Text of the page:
Doctor's Answers (2)
Myopia and astigmatism (and hyperopia) are treated very well with LASIK or other refractive surgeries, but there is no procedure/surgery that will 'correct' or 'cure' or prevent presbyopia (Lao Hua).
So why can't presbyopia be corrected? Presbyopia is loss of the autofocusing ability of the eye and is due to age-related enlargement and stiffening of the lens inside your eye.
The lens in your eye is like a sealed pillow, where the filling slowly gets more and more as the lens cells grow and divide throughout life. Old skin cells can just drop off, but old lens cells remain with you inside the lens because they are trapped there by the lens capsule. If you can imagine the situation, a pillow will get harder and bigger if you stuff it with more and more cotton/feathers, and similarly, this happens in your eye's lens as you get older. There is no way to stop or reverse this process, so your eye's lens goes from 'autofocus' to 'single focus' when presbyopia develops.
If someone already experiences presbyopia (above 40 years of age) and would still like LASIK for correcting myopia/hyperopia/astigmatism, it is usual to offer 'monovision' to reduce the need for reading glasses after LASIK. This means that one eye is corrected to see in the distance, and the other eye is intentionally made mildly myopic (~-1.5D). That means distance vision relies mainly on one eye, and near vision the other. As you can tell, this is a compromise and may not suit everyone. It is not done for younger people because being able to see clearly with both eyes at any distance is always a nicer experience.
Some years ago, people tried other things for presbyopia, but all of them fell by the wayside and are not done much (if at all) nowadays. These include 'presby-LASIK', 'Intracor', Kamra inlay, Raindrop inlay...etc. They all either did not work predictably or gave rise to many unwanted side effects. The company that made the Raindrop inlay actually wound up and closed shop. Be very careful if you see any place advertising treatments for presbyopia-there is no perfect solution and the 'best' so far remains monovision, which itself is a compromise.
Your other question is essentially-when is the best time to do LASIK? The general advice is once you fit the age criteria and your spectacle power is stable, and you have made up your mind to have some surgery done, then it's best to do it earlier rather than later.
If you are 33, and you do LASIK to make both eyes see well in the distance, everything (near and far) will be clear for the next 10 years or so until presbyopia sets in. At that time, reading glasses will eventually become necessary, just like other people with 'perfect' vision.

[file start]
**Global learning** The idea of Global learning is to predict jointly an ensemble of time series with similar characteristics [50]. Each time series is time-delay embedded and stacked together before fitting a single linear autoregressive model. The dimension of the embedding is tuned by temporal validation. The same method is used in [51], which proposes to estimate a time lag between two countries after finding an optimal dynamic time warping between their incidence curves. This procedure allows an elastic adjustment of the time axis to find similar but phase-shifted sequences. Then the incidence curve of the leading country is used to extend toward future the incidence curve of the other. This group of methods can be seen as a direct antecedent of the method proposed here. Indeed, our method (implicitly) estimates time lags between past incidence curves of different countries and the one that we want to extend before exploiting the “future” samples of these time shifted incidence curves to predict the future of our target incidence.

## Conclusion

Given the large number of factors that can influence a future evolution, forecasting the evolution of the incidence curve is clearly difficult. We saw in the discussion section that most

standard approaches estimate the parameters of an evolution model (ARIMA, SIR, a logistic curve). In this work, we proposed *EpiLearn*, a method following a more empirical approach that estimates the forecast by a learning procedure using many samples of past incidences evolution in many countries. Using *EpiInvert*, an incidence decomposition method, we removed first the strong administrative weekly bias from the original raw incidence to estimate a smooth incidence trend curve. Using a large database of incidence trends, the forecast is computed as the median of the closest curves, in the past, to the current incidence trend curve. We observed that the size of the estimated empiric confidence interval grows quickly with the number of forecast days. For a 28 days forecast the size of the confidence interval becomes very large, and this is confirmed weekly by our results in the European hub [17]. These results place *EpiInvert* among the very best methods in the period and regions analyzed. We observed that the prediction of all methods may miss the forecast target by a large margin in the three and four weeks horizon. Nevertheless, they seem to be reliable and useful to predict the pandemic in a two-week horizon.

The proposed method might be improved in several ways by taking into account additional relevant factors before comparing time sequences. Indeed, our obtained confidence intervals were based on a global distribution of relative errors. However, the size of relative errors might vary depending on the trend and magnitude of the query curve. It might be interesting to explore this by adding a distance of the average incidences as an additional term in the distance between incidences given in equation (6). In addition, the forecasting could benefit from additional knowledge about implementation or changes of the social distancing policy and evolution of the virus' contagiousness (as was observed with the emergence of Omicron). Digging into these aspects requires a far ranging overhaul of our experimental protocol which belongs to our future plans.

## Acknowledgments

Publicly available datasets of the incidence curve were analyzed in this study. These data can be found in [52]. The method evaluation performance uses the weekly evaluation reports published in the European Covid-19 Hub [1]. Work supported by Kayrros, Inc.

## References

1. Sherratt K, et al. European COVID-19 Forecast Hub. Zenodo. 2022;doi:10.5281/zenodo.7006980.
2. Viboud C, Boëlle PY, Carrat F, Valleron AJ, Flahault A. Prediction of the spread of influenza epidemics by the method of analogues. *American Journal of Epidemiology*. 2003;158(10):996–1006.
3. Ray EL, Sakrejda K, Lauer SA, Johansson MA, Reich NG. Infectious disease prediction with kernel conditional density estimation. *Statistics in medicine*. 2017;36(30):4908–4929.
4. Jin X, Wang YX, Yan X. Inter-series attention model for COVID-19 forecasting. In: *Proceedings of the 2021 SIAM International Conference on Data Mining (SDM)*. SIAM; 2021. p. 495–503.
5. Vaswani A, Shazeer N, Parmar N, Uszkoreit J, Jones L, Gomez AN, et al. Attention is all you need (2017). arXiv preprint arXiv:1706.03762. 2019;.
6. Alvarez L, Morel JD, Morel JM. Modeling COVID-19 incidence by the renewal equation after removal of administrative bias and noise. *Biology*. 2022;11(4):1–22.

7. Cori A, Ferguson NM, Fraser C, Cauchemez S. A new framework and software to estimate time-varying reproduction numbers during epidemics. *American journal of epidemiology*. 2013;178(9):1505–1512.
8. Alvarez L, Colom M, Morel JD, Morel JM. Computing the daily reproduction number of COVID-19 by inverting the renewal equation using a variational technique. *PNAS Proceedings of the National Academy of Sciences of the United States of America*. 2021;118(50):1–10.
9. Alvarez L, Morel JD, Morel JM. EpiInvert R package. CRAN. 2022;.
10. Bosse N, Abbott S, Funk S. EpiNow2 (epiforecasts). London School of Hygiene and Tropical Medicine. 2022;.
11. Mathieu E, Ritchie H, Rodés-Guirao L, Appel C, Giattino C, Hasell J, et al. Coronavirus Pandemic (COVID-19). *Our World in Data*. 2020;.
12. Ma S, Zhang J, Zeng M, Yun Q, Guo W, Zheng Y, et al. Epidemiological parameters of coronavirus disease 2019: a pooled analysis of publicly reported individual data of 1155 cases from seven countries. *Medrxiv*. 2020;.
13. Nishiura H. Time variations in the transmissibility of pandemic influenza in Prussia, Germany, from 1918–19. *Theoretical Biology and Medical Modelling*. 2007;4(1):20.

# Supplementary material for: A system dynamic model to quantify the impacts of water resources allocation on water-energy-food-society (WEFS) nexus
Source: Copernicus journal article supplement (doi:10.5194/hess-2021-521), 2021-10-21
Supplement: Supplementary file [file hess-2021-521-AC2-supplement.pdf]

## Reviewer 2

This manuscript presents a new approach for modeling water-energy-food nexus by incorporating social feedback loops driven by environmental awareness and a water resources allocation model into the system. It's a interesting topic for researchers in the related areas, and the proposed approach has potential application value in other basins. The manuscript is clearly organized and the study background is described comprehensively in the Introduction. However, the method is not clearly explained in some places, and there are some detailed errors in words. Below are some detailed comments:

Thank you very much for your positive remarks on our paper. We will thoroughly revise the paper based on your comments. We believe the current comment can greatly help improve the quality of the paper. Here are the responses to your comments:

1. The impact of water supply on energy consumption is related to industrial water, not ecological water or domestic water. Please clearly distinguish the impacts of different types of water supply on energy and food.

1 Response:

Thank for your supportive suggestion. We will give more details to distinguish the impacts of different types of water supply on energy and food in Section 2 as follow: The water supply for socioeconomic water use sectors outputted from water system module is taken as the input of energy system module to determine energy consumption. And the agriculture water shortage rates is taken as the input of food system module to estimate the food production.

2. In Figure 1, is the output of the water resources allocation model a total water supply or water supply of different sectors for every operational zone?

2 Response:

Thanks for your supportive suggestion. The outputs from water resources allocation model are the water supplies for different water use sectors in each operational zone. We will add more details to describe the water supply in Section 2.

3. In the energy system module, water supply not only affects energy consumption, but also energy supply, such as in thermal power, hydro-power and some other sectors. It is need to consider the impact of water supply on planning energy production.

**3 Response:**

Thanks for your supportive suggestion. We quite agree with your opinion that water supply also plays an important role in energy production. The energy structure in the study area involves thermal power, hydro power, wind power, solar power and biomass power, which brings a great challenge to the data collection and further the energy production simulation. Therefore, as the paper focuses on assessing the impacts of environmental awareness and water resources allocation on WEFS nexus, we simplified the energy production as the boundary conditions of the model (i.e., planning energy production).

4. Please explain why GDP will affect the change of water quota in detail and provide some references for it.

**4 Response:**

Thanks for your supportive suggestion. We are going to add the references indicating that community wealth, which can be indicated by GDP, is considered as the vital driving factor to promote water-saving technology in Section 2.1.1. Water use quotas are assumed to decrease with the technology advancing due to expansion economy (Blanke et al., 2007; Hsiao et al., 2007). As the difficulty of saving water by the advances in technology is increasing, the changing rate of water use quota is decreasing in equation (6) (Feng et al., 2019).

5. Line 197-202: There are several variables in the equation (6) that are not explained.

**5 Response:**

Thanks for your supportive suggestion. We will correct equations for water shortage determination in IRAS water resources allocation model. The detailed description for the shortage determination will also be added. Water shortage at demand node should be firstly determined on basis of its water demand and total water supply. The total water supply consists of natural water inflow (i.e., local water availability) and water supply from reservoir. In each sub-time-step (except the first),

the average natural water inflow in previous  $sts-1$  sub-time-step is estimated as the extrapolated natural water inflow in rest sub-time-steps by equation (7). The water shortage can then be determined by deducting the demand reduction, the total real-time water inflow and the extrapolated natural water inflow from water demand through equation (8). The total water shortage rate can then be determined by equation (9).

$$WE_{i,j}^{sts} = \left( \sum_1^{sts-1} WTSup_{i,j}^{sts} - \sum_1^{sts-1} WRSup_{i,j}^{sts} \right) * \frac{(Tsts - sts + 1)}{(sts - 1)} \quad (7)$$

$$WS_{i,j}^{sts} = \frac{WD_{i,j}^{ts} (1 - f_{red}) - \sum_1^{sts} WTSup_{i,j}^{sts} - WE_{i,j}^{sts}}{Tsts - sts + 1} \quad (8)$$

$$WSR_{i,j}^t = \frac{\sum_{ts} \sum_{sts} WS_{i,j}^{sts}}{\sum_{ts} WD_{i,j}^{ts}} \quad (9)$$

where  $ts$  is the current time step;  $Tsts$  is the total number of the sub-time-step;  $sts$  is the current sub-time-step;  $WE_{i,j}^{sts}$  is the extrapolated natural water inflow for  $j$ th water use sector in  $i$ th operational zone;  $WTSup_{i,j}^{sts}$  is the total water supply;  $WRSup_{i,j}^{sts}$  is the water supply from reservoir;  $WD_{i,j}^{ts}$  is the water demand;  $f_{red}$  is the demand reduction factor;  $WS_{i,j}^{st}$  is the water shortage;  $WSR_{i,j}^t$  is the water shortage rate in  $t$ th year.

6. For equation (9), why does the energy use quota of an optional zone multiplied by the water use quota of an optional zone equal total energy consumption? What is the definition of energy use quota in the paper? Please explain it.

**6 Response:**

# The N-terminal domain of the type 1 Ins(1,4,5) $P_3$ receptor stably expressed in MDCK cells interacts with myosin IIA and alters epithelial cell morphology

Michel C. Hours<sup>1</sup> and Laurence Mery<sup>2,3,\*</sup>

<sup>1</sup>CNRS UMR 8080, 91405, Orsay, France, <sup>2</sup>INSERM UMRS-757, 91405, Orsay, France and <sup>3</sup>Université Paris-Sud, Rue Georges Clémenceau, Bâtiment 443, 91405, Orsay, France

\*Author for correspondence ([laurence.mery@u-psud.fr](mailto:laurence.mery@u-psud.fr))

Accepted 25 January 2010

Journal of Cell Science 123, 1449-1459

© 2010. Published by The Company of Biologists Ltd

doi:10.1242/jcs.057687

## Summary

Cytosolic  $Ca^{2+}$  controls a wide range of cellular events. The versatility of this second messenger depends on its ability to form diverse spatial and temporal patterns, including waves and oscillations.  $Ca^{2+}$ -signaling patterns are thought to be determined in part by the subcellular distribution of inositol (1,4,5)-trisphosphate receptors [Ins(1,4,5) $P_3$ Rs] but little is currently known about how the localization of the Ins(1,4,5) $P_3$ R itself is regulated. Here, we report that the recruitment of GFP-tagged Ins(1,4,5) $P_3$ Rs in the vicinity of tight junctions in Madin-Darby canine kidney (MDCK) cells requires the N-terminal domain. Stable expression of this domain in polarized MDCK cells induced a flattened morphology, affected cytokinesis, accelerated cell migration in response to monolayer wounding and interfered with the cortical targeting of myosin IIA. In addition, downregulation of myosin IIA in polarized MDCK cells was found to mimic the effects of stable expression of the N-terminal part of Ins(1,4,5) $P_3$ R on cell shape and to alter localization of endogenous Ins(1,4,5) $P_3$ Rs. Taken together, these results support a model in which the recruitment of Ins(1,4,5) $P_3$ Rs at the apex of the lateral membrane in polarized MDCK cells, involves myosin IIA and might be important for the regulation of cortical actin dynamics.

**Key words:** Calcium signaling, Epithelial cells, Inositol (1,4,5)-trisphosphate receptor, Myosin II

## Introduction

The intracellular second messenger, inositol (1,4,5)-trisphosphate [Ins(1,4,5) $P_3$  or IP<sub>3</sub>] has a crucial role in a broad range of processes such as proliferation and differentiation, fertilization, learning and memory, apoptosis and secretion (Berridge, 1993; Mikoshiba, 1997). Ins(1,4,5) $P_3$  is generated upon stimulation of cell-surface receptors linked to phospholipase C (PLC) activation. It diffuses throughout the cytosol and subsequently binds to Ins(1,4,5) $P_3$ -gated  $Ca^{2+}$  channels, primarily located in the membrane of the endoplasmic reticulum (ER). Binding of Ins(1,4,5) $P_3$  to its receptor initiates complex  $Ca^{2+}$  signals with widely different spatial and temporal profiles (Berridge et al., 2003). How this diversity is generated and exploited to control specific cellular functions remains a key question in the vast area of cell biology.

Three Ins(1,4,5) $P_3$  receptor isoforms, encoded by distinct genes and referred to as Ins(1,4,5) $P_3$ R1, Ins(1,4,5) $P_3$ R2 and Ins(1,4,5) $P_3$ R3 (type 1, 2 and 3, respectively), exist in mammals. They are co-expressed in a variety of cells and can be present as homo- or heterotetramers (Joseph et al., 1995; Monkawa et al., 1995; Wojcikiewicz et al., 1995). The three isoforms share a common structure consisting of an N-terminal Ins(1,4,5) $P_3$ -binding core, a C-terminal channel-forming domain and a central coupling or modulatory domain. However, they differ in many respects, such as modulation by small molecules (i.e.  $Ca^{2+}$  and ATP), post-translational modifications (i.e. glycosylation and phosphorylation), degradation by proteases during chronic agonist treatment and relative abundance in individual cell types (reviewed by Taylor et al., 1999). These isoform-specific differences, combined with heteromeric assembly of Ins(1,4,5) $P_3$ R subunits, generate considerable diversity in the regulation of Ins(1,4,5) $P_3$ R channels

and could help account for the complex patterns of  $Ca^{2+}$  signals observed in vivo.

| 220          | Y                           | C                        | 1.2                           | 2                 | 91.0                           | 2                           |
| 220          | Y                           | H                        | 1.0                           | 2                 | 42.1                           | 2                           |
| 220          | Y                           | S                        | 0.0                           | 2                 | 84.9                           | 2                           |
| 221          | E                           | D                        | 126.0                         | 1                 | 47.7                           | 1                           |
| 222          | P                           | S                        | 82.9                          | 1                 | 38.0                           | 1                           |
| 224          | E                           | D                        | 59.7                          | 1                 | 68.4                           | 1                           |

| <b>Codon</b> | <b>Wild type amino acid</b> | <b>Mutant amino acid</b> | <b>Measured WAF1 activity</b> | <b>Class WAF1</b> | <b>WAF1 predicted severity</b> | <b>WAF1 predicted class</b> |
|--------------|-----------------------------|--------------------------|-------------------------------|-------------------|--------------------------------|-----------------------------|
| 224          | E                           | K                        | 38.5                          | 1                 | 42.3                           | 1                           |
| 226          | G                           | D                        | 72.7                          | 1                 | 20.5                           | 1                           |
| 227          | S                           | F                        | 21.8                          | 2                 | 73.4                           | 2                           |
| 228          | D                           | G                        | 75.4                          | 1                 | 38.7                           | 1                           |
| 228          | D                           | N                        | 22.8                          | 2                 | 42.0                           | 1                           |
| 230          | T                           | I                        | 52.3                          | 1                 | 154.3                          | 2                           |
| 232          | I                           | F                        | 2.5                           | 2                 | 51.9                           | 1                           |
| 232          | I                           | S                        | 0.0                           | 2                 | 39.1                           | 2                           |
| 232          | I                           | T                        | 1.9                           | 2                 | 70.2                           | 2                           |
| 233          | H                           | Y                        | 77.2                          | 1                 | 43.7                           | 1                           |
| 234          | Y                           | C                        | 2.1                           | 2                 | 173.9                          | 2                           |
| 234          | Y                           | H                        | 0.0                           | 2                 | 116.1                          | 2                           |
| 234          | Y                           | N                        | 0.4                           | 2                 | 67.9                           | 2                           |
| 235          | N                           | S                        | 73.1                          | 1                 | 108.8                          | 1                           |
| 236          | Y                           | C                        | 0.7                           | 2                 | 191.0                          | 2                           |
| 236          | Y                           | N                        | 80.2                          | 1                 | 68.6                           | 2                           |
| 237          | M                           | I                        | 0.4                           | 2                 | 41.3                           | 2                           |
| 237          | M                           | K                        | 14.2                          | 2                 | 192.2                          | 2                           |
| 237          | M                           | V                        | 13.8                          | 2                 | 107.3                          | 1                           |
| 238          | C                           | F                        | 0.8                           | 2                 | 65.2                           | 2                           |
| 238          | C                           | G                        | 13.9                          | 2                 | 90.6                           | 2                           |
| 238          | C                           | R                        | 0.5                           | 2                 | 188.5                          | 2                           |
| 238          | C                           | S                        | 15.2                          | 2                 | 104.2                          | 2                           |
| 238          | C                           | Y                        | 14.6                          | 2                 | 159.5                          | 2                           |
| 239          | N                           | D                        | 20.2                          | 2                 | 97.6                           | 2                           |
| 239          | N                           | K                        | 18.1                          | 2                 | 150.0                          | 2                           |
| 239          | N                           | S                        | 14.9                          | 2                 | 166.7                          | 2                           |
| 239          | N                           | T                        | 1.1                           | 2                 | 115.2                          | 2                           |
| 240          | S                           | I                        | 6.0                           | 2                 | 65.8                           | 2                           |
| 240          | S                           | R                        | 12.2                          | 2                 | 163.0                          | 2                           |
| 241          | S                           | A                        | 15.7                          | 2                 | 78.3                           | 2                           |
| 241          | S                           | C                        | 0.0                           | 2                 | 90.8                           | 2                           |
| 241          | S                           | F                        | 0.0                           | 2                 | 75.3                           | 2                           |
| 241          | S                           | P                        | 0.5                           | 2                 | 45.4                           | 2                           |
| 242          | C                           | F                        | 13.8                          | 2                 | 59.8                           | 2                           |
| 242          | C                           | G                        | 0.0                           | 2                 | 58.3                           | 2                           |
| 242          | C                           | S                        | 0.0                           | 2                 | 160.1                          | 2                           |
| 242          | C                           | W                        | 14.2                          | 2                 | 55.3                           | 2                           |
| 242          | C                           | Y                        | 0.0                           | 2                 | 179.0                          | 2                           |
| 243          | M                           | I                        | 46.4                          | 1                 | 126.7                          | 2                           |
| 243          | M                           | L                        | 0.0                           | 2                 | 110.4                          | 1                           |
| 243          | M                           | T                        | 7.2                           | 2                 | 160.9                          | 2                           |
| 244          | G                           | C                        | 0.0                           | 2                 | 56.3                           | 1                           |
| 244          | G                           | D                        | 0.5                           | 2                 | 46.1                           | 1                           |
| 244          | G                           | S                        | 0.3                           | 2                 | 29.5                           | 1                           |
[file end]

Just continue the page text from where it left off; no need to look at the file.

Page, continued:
If you wait 10 years until presbyopia sets in, you will have lost those 10 years of clear vision for everything, and still have to deal with the presbyopia-ie you will have to consider LASIK with monovision at that time.
Have a think about the issues raised above, and consider discussing it further with a doctor if you are still interested in surgery to correct myopia/hyperopia/astigmatism.
Your question is one that many laser manufacturers have tried to answer for decades. Firstly, do be aware that laser vision correction (LVC) was never intended to solve the issue of presbyopia in middle age. LVC (eg PRK, LASIK & ReLex SMILE) does try to attempt to address some limitations of presbyopia via various techniques like monovision or improvements in depth of focus.
Understand that none of the existing LVC techniques addresses the root cause of presbyopia which is the fact that the changes are occurring deep in the eye where the lens is slowly losing its ability to change its shape to accommodate different distances of focus.
Whether to undergo surgery at this time of your life really depends on you. If your aims are to enhance your experience with your hobbies, sports and work then by all means do it now. After all, that would mean that you would not be burdened with glasses or contact lenses for at least 15 to 20 years.
Even when you are 50 years old, you should only need to wear glasses for reading. However, if you are looking for a LVC technique that solves your astigmatism and myopia today as well as your presbyopia in 15 years time then I would say that the LVC techniques currently will not meet ALL your needs.
The above is a good example of why it is important for surgeons to customise their treatment and advice to the patients' expectations and needs. A happy patient is one who is fully informed of any treatment’s advantages and limitations and is then able to make an informed choice as to whether the treatment result is going to improve his or her quality of life.